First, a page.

As a journalist on a school governing body, it fell to me to write the post-Ofsted press release for the local papers. I am probably the only person, apart from the headteacher, who has actually waded through all 37 pages of one of the most turgid pieces of writing I have ever come across.
We had an excellent Ofsted overall. I use the word "overall" because it cropped up 17 times, and those were just the instances I spotted at the beginning of sentences. Overall, the quality of teaching in our small C of E primary is good. Teachers' planning, knowledge and confidence is good overall. Our assessment procedures are good overall. So is our management, value for money, standards of handwriting and pupils' progress. Pupils' attitudes to mathematics are good overall. Even our word processing is good overall.
What excuse is there for this grudging stuff? By anyone's standards, ours was an enviably positive and well-deserved report. Why write a report so carefully guarded and so grindingly laborious that no one is going to be the slightest bit interested in reading it?
I get no picture of what goes on in the classroom. There is no life in these fossilised pages. One reference to an author, Philippa Pearce. One tantalising glimpse into a design technology project about boots and shoes. A mention that pupils can identify elements of the human skeleton and understand the circulation of blood. A snapshot of children and teachers practising with recorders. "Pupils work in groups or pairs to perform their own score. Pupils' musical appreciatio is developing satisfactorily. Pupils listen to music and pick out particular aspects," the report intones in robot-speak. What are they listening to? That's what I really want to know. What are they reading? "Overall, there is an adequate supply of resources to support the teaching of English." What do they do in geography? "Older pupils use a range of secondary sources to compare and contrast two localities and use their knowledge of Mozambique to inform their thinking about climate and its effect on locality."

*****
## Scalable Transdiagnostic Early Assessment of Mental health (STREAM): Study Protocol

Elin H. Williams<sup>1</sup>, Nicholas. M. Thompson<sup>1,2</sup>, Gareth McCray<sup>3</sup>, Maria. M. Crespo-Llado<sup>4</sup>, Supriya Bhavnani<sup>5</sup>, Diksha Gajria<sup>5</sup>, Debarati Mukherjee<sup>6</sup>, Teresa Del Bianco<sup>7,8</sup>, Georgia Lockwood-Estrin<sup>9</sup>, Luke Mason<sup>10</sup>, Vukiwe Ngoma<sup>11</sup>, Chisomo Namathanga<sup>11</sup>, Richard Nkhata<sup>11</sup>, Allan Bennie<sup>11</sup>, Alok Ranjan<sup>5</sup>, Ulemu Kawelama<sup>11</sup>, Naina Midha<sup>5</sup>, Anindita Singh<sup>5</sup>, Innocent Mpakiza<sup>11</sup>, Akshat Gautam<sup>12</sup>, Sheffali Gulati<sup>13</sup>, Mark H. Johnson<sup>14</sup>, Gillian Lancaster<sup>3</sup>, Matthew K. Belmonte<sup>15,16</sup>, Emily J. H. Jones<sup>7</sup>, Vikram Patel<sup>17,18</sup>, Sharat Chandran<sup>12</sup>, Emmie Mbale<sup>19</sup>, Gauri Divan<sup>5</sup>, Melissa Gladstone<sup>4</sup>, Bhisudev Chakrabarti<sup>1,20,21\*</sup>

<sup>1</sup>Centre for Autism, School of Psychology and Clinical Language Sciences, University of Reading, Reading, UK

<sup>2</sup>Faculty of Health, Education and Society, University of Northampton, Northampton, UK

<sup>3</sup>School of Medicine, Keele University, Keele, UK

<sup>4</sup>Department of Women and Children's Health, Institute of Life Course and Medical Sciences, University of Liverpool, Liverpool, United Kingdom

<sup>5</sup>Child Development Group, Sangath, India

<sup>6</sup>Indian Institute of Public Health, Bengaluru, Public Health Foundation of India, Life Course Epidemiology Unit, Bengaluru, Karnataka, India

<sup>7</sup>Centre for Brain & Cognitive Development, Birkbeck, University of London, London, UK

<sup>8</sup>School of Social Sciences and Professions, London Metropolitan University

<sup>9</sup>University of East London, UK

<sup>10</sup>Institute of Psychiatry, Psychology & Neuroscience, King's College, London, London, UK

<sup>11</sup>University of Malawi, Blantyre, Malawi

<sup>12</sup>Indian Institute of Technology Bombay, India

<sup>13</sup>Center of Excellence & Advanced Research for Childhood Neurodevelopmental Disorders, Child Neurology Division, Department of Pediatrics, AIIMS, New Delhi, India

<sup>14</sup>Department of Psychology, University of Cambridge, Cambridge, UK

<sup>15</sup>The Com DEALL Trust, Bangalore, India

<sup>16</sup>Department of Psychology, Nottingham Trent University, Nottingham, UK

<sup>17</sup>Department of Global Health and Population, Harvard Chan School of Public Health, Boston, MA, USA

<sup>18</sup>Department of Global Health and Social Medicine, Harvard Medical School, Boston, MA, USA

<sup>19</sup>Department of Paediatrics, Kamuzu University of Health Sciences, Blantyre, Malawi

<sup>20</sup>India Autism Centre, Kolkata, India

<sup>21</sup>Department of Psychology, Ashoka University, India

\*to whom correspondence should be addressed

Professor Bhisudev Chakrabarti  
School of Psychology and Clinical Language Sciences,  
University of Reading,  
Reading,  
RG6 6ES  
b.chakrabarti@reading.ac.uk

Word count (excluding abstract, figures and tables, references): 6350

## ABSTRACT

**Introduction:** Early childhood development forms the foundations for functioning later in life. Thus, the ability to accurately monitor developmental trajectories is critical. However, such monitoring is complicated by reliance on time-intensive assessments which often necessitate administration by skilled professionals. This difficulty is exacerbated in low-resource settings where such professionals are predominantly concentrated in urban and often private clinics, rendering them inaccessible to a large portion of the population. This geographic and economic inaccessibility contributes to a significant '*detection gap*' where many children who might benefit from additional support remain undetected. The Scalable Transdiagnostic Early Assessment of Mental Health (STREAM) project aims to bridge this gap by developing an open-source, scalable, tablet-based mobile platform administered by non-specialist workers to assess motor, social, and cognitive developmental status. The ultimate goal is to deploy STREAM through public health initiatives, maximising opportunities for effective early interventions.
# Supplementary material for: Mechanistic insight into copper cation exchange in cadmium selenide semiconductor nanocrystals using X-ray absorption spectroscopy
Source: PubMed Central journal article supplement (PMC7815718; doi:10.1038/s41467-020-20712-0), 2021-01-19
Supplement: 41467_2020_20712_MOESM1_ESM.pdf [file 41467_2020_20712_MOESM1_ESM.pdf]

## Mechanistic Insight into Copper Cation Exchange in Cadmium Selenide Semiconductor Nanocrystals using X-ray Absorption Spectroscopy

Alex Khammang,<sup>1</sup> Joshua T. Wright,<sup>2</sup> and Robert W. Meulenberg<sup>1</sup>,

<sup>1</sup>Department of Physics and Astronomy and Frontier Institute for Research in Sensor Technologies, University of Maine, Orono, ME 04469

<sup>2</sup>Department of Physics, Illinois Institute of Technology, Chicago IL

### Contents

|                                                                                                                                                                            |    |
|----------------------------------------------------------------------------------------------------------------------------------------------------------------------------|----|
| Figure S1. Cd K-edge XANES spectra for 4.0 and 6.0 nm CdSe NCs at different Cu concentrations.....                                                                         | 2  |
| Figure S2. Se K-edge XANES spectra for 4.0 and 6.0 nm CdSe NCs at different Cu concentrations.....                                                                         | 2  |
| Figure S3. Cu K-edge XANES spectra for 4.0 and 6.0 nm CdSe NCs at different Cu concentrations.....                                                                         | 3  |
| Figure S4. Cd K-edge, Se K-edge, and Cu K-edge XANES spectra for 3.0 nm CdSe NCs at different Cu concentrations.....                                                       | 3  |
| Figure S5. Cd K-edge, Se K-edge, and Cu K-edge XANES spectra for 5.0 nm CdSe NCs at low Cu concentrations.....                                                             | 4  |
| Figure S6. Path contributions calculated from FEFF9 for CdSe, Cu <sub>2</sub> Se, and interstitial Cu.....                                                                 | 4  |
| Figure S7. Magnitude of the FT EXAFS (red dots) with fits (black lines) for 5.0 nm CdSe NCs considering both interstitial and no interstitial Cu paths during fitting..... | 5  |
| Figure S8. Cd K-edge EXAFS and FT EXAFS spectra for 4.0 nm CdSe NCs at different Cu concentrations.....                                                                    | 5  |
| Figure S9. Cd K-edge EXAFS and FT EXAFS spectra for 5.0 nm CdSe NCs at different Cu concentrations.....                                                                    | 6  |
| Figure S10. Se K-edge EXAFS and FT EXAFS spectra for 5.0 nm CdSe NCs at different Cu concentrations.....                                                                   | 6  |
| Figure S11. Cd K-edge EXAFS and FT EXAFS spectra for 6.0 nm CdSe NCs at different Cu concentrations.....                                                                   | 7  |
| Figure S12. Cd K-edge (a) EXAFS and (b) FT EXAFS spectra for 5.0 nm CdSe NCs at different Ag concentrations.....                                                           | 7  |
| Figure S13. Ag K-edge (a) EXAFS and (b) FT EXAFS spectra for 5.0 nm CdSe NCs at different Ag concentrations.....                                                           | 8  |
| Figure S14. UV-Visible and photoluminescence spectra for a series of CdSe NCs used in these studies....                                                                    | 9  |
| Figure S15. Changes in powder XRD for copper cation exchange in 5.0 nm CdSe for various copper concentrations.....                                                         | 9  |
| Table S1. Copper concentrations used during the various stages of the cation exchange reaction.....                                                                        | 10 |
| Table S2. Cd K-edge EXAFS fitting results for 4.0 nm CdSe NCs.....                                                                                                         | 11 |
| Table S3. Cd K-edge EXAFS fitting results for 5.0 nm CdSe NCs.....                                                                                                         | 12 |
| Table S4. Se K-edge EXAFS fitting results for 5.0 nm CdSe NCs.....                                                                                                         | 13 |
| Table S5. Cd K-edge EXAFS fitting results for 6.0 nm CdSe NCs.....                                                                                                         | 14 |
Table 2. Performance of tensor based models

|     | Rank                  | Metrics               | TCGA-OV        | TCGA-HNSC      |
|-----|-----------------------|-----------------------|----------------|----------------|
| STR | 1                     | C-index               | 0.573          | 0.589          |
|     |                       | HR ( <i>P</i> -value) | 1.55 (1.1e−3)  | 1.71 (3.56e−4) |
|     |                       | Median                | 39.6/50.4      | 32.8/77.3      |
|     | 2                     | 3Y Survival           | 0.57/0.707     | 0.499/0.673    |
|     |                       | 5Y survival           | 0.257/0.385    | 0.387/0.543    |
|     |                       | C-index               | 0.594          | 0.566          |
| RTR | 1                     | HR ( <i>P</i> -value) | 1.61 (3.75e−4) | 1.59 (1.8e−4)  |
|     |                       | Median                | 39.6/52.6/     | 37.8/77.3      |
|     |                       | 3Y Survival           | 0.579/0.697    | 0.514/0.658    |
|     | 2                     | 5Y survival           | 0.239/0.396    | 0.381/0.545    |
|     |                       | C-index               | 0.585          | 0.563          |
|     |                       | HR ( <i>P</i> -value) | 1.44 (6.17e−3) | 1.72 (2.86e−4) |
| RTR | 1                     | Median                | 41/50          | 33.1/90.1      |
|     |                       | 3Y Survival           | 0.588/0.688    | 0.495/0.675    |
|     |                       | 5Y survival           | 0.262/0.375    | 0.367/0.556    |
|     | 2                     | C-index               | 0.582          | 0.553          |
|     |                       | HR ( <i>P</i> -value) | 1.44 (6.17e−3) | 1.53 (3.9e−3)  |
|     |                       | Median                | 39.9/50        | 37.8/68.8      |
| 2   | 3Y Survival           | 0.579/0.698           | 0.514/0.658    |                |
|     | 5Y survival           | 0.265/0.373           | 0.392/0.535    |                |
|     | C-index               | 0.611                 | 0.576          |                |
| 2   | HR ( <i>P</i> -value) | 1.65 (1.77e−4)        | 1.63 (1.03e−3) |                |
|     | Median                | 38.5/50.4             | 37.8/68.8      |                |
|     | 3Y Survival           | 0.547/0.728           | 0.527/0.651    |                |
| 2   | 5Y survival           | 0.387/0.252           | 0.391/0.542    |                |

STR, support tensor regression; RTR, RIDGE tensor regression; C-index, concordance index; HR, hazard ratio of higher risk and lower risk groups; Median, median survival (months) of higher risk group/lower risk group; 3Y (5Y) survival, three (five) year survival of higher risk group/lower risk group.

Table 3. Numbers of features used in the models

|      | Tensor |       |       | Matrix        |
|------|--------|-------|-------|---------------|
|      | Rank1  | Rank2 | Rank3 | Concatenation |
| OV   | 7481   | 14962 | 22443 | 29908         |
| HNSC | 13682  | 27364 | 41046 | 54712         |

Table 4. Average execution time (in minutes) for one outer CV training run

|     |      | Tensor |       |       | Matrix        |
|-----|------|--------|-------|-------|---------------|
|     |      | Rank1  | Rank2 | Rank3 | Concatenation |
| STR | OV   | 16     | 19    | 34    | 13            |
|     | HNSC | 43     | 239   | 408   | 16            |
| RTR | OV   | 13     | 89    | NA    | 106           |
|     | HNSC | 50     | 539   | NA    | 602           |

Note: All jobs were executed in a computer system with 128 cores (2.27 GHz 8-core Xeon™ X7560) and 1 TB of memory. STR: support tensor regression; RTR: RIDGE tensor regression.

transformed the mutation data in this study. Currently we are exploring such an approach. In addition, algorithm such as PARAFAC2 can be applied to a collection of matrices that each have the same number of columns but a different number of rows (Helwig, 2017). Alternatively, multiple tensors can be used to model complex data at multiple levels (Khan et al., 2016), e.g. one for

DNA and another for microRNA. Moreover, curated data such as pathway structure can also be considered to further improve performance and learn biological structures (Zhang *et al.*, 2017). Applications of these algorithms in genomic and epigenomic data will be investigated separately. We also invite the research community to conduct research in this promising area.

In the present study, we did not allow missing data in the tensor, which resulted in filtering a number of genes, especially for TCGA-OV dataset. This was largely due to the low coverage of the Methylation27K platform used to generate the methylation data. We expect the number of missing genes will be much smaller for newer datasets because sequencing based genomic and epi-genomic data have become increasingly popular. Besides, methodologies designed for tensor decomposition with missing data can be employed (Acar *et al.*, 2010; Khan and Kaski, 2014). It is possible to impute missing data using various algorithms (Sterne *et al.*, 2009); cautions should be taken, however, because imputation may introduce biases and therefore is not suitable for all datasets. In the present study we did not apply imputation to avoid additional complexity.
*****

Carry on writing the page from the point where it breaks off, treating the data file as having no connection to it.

The language of the report is ponderous and the sentence structure convoluted. "They make studies of environments for example study the local area and have made satisfactory links with *'s history in comparing man's effect on the environment in the past with effects in today's society," report the inspectors, with a sweeping disregard for punctuation. "The physical education co-ordinator who, whilst not a specialist and having no opportunity to monitor the subject, has been successful in exploiting the local sporting clubs and national initiative to enrich the teaching."
Everyone knows the punishing effect of an Ofsted on a small staff. It would be some small boost to morale if the process produced a decent, well-written and absorbing report with the courage of its convictions. Put this report in a time capsule and what would it really tell you about our school and our children a thousand years on? Sweet FA, overall.
Pat Ashworth is a foundation governor at Bramcote C of E primary school, Bramcote, Nottingham